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Wall Street enters earnings season on high note

Investors cast aside worries of another recession last week and bought stocks by the bucketful. This week brings hard evidence of whether they were right.
/ Source: The Associated Press

Investors cast aside worries of another recession last week and bought stocks by the bucketful. This week brings hard evidence of whether they were right.

A new earnings reporting season kicks off Monday with Alcoa Inc., followed by dozens of other companies over the next few days. A question on everyone's lips: Will these second-quarter reports show that companies are feeling better about the future, too?

"We'll find out soon enough what the reality is," says Howard Silverblatt, a senior analyst at Standard & Poor's.

After dumping stocks since late April, investors last week drove the Dow Jones industrial average up 5.3 percent, its best weekly performance in a year. Some analysts say stocks had simply gotten too cheap for investors to resist. Others point to an International Monetary Fund report that the world economy could grow faster than projected. That took some of the fear out of the market.

"The economy is running on two cylinders but the risk of a double-dip recession" has fallen, says Peter Buchanan, senior economist at CIBC World Markets. "The market could go higher."

Certainly, that is the view of professional stock pickers. When investors were selling stocks week after week, eventually driving shares down 13.6 percent from their April peak, Wall Street analysts never lost faith in the future.

They're projecting that second-quarter operating earnings of S&P 500 companies rose 42 percent, according to S&P's Silverblatt. They also think operating earnings in the current quarter, which ends Sept. 30, will jump 31 percent over a year ago. And in the following three months, they'll jump again — 28 percent.

Then it's up, up and away.

By the end of 2011, S&P 500 index companies should be earning more than they did at the peak of the credit bubble in 2006 — if you believe the professional prognosticators.

With hurdles so high, all eyes are on profit reports now. Analysts say they'll be paying at least as much attention to what executives say about future earnings as to what's been generated so far. Those forecasts will tell investors whether last week's burst of optimism was justified.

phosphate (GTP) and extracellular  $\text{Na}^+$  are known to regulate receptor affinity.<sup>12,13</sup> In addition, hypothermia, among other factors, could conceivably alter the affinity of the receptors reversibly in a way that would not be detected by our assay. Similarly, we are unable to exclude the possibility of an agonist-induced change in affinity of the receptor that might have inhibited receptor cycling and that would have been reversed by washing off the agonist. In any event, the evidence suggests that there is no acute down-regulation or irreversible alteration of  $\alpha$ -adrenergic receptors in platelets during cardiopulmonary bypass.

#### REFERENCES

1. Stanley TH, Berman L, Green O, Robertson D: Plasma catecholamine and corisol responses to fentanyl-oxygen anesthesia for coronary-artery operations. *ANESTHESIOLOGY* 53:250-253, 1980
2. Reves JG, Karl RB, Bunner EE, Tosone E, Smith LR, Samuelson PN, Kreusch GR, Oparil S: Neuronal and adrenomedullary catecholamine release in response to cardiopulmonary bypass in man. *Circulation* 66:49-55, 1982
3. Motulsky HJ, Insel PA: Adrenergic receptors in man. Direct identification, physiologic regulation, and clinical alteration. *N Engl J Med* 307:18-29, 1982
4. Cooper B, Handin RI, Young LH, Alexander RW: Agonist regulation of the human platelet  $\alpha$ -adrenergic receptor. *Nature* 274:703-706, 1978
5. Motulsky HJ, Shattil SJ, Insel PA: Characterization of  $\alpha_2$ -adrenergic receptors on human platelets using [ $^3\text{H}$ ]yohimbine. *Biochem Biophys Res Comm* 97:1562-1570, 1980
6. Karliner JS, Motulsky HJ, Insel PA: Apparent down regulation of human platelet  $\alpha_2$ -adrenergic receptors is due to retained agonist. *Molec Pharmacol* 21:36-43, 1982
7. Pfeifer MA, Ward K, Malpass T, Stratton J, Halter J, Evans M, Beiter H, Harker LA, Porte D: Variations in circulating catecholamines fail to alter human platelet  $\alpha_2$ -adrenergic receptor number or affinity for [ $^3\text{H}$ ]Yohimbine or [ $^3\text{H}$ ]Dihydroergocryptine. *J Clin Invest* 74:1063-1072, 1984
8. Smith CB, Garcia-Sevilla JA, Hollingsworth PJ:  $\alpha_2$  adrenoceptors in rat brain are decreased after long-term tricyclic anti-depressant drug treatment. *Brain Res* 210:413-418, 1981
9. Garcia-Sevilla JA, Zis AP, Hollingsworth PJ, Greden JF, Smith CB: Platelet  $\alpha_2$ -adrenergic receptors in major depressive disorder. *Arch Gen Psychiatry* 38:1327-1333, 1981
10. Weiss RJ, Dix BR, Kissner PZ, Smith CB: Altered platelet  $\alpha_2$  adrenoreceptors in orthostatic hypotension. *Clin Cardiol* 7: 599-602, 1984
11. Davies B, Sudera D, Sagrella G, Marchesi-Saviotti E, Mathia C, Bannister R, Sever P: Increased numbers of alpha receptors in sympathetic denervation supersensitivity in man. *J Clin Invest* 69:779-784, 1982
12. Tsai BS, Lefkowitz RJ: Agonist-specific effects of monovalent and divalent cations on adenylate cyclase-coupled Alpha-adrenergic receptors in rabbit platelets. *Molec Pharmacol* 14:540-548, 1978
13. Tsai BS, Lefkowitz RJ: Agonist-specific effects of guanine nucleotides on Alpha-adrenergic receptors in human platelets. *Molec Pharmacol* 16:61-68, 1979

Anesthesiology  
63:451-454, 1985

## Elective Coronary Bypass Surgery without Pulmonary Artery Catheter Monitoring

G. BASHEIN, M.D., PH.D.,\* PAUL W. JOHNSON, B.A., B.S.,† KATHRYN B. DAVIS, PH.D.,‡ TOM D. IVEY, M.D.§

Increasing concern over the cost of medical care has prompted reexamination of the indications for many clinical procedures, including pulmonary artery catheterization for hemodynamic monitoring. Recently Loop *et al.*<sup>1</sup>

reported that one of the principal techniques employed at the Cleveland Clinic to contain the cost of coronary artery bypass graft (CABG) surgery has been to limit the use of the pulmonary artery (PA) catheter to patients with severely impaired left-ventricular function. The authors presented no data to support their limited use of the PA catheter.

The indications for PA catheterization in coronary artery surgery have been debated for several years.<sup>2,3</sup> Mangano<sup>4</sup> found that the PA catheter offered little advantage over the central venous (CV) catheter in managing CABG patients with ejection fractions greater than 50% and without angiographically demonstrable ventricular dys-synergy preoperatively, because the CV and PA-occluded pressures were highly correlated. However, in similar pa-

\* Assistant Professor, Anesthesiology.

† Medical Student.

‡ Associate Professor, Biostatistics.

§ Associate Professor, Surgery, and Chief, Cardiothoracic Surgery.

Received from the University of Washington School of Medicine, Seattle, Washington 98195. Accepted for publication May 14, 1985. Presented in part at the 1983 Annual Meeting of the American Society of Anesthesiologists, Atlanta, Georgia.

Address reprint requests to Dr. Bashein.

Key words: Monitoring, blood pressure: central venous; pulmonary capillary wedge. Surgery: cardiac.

Some big reports to watch besides Alcoa's: Intel Corp. on Tuesday, Google Inc. and JPMorgan Chase & Co. on Thursday and Bank of America Corp. on Friday.

Shannon Puls, who runs researcher in Jackson, Mo., says that even if earnings reports are upbeat, investors should think twice before jumping into the market. His reason: Wall Street analysts are saying to do it with both feet.

The problem, Puls says, is that analysts shy away from "gutsy calls" because if they're wrong, clients could lose money and analysts will lose their jobs. So, Puls says, they predict in packs, often proving a "contrarian indicator."

In other words, don't do what they say. Do the opposite.

Puls says that analysts are now more optimistic than ever, and that means stocks could fall. He ranks analyst recommendations on more than 3,000 companies on a sliding scale, with 1 representing a strong "buy" and 5 a strong "sell." The average call now: 2.07. That's the lowest, or most bullish, in the nine years he's been tallying the numbers.

Analyst ratings "have got to come down," Puls says. "And that's going to be bearish on stocks."

Another reason for investors to exercise caution is all the corporate cash lying around in banks vaults, earning little. Companies worried about the future hoard money, just as people do. In March, cash at S&P 500 companies hit a record $837 billion. That's equivalent to 1 1/2 years of their operating earnings.

The cash hoard of as June 30 won't be known until mid-August, and it's anyone's guess what the level will be. But S&P's Silverblatt is willing to predict this: It'll hit a new record.